By Lucy Komisar
May 16, 2007
Paul Hewson, known as Bono, the rock star, is complaining that the seven wealthy nations in the G-7 that had promised to double aid to the developing world by 2010, are more than half behind target. The countries are the United States, Britain, Canada, France, Germany, Italy, and Japan.
Bono‘s protest at a Berlin news conference Monday might be taken more seriously if he and his U2 band were not contributing to the system that deprives developing countries of far more than western aid – much of which has to be repaid.
Bono is a tax dodger. The Irish Bono ran his music publishing company in Ireland, where he and his partners took advantage of a law that exempted musicians and artists from taxes on royalties. To dodge taxes on non-royalty income, Bono‘s interests had the help of offshore nominee directors.
Bono gets no argument from George W. Bush, who has blocked mild European attempts to get tax havens to stop helping the wealthy hide incomes from taxes.
The Irish royalty exemption was begun to aid and reward creative artists, in hopes of encouraging the struggling kind, not to further enrich mega-millionaires like Bono. Last year, the law was changed. From 2007, artists who earn more than $625,450 must pay tax on half their creative income. It hardly seems a harsh measure.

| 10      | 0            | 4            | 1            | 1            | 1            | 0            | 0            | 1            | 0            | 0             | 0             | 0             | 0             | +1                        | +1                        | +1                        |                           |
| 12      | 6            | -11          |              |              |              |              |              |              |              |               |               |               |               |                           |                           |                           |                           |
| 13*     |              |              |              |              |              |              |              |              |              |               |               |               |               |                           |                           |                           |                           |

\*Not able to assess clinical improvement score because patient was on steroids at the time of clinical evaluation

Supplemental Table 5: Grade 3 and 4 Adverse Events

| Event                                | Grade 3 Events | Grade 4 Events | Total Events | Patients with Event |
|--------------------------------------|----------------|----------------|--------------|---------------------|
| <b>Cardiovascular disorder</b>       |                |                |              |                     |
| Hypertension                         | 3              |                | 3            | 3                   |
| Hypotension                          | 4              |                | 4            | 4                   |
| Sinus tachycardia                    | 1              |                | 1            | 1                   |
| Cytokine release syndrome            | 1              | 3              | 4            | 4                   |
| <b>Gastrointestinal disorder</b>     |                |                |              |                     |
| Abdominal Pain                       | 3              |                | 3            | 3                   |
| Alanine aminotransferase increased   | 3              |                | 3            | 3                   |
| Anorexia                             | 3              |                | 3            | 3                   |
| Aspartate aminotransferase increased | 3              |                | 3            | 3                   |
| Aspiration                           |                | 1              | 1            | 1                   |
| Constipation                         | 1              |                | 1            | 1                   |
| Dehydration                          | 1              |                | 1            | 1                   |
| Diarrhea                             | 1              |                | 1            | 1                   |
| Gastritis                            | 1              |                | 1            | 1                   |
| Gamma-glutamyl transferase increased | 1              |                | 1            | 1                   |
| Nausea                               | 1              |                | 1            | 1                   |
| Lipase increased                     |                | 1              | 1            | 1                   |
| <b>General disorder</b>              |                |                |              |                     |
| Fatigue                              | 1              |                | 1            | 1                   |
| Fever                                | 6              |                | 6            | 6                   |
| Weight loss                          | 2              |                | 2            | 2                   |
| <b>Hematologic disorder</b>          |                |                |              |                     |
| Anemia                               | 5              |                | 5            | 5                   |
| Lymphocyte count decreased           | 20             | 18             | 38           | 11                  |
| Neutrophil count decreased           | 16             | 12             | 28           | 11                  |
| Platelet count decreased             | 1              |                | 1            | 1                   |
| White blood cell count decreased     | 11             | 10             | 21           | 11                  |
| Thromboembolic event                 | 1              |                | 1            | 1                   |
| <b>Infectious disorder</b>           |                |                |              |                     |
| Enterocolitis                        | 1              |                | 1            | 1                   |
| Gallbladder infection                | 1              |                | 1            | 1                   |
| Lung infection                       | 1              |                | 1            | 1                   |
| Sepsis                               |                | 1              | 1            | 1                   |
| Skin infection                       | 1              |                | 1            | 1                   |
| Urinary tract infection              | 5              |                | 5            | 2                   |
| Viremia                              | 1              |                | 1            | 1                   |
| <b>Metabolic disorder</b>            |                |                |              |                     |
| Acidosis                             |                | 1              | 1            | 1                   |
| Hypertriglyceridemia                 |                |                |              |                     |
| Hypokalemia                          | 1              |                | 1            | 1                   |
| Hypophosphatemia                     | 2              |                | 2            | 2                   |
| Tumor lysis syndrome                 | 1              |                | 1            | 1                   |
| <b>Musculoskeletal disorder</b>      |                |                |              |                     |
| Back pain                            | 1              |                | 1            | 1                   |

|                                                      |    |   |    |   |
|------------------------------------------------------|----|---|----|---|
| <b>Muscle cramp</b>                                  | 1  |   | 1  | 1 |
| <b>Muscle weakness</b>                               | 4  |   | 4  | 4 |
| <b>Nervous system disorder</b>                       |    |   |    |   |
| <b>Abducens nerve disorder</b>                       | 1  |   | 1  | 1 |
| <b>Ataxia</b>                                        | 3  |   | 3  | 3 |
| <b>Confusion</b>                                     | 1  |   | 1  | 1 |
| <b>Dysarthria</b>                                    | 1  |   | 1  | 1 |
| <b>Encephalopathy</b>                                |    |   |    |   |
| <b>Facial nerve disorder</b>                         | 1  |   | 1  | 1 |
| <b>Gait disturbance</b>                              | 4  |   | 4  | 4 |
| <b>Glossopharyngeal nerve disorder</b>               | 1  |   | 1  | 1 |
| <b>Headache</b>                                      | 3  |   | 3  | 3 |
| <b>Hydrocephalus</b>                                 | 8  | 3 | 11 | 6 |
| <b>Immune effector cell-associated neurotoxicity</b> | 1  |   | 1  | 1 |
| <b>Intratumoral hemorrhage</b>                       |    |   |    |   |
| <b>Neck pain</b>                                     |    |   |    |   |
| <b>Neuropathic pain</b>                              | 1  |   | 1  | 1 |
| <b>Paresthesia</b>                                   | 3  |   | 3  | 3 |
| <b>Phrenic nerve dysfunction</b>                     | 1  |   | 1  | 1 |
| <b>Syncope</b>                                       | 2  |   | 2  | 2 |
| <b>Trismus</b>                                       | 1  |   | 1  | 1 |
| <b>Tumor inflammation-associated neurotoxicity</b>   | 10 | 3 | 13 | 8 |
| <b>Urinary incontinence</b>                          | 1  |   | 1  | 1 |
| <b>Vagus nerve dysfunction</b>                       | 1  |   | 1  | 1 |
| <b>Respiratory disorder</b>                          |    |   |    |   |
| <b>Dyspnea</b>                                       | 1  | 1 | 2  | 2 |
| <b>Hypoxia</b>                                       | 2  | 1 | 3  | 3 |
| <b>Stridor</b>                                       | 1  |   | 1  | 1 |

Bono‘s Dublin company earned $110 million in 2005. Taking profits through the company rather than individually, Bono would have had to pay only 12.5 percent corporate tax, a rate still below that of the local bus conductor or plumber or school teacher.
But that apparently was too much for the man who has homes on the Irish Coast and in the South of France and New York City. So, last year, Bono moved the registration of his business to the Netherlands, where it will pay about 5 percent tax on royalties.
Maybe Ireland and the countries of the G-7 could provide more development aid if Bono and people like him didn‘t dodge their fair taxes.
What might the people in the countries he wants to help think about this? The same move your registration to the lowest tax rate system that Bono uses is employed by multinational corporations to dodge taxes worldwide.
Developing countries lose an estimated $500 billion every year as a result.
As Africa is the continent Bono expresses most concern about, he ought to listen to what the African Union says: Tax dodging by foreign companies costs it $150 billion a year – three times what it receives in aid.